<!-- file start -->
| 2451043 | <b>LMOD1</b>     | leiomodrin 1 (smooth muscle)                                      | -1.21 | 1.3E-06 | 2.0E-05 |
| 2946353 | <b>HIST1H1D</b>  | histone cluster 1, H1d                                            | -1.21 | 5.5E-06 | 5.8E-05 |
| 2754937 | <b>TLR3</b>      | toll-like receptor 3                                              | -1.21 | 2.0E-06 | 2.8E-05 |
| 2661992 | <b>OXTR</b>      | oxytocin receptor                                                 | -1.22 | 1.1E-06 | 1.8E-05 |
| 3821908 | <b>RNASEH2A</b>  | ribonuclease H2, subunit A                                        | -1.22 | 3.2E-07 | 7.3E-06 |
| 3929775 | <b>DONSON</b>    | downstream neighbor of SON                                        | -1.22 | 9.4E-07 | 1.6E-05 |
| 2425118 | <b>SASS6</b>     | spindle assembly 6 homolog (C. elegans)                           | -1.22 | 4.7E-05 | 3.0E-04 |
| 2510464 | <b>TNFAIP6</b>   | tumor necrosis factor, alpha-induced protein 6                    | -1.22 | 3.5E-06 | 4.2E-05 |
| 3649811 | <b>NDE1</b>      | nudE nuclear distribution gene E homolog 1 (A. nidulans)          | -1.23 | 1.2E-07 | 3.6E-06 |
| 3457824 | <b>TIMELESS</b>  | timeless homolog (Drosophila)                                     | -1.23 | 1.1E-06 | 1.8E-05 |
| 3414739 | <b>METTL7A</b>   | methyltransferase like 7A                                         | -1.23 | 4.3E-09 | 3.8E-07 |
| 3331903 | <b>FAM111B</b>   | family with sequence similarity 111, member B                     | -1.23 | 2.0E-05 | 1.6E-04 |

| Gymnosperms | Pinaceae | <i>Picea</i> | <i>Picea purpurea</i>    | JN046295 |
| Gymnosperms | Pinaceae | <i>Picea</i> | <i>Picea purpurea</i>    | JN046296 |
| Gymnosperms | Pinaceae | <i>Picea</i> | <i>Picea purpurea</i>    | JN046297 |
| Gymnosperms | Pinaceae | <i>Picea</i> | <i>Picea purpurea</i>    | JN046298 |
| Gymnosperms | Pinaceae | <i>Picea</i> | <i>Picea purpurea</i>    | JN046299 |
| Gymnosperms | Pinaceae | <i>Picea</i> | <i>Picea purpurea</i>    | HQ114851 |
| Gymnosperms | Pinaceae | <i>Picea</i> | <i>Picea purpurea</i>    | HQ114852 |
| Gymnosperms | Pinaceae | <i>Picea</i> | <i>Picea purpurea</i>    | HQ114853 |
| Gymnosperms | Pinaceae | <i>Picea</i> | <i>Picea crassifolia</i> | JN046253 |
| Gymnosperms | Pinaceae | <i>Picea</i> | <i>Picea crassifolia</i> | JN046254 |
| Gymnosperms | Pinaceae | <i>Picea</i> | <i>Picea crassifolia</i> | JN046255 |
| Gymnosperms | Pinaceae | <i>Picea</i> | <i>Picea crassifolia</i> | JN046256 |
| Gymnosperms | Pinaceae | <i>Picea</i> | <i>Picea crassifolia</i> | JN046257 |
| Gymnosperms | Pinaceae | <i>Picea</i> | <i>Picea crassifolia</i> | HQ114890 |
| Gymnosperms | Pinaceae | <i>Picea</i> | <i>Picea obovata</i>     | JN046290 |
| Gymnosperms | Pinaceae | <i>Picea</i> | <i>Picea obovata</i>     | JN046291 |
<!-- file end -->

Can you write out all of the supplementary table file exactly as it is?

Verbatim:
| 2451043 | <b>LMOD1</b>     | leiomodrin 1 (smooth muscle)                                      | -1.21 | 1.3E-06 | 2.0E-05 |
| 2946353 | <b>HIST1H1D</b>  | histone cluster 1, H1d                                            | -1.21 | 5.5E-06 | 5.8E-05 |
| 2754937 | <b>TLR3</b>      | toll-like receptor 3                                              | -1.21 | 2.0E-06 | 2.8E-05 |
| 2661992 | <b>OXTR</b>      | oxytocin receptor                                                 | -1.22 | 1.1E-06 | 1.8E-05 |
| 3821908 | <b>RNASEH2A</b>  | ribonuclease H2, subunit A                                        | -1.22 | 3.2E-07 | 7.3E-06 |
| 3929775 | <b>DONSON</b>    | downstream neighbor of SON                                        | -1.22 | 9.4E-07 | 1.6E-05 |
| 2425118 | <b>SASS6</b>     | spindle assembly 6 homolog (C. elegans)                           | -1.22 | 4.7E-05 | 3.0E-04 |
| 2510464 | <b>TNFAIP6</b>   | tumor necrosis factor, alpha-induced protein 6                    | -1.22 | 3.5E-06 | 4.2E-05 |
| 3649811 | <b>NDE1</b>      | nudE nuclear distribution gene E homolog 1 (A. nidulans)          | -1.23 | 1.2E-07 | 3.6E-06 |
| 3457824 | <b>TIMELESS</b>  | timeless homolog (Drosophila)                                     | -1.23 | 1.1E-06 | 1.8E-05 |
| 3414739 | <b>METTL7A</b>   | methyltransferase like 7A                                         | -1.23 | 4.3E-09 | 3.8E-07 |
| 3331903 | <b>FAM111B</b>   | family with sequence similarity 111, member B                     | -1.23 | 2.0E-05 | 1.6E-04 |

| Gymnosperms | Pinaceae | <i>Picea</i> | <i>Picea purpurea</i>    | JN046295 |
| Gymnosperms | Pinaceae | <i>Picea</i> | <i>Picea purpurea</i>    | JN046296 |
| Gymnosperms | Pinaceae | <i>Picea</i> | <i>Picea purpurea</i>    | JN046297 |
| Gymnosperms | Pinaceae | <i>Picea</i> | <i>Picea purpurea</i>    | JN046298 |
| Gymnosperms | Pinaceae | <i>Picea</i> | <i>Picea purpurea</i>    | JN046299 |
| Gymnosperms | Pinaceae | <i>Picea</i> | <i>Picea purpurea</i>    | HQ114851 |
| Gymnosperms | Pinaceae | <i>Picea</i> | <i>Picea purpurea</i>    | HQ114852 |
| Gymnosperms | Pinaceae | <i>Picea</i> | <i>Picea purpurea</i>    | HQ114853 |
| Gymnosperms | Pinaceae | <i>Picea</i> | <i>Picea crassifolia</i> | JN046253 |
| Gymnosperms | Pinaceae | <i>Picea</i> | <i>Picea crassifolia</i> | JN046254 |
| Gymnosperms | Pinaceae | <i>Picea</i> | <i>Picea crassifolia</i> | JN046255 |
| Gymnosperms | Pinaceae | <i>Picea</i> | <i>Picea crassifolia</i> | JN046256 |
| Gymnosperms | Pinaceae | <i>Picea</i> | <i>Picea crassifolia</i> | JN046257 |
| Gymnosperms | Pinaceae | <i>Picea</i> | <i>Picea crassifolia</i> | HQ114890 |
| Gymnosperms | Pinaceae | <i>Picea</i> | <i>Picea obovata</i>     | JN046290 |
| Gymnosperms | Pinaceae | <i>Picea</i> | <i>Picea obovata</i>     | JN046291 |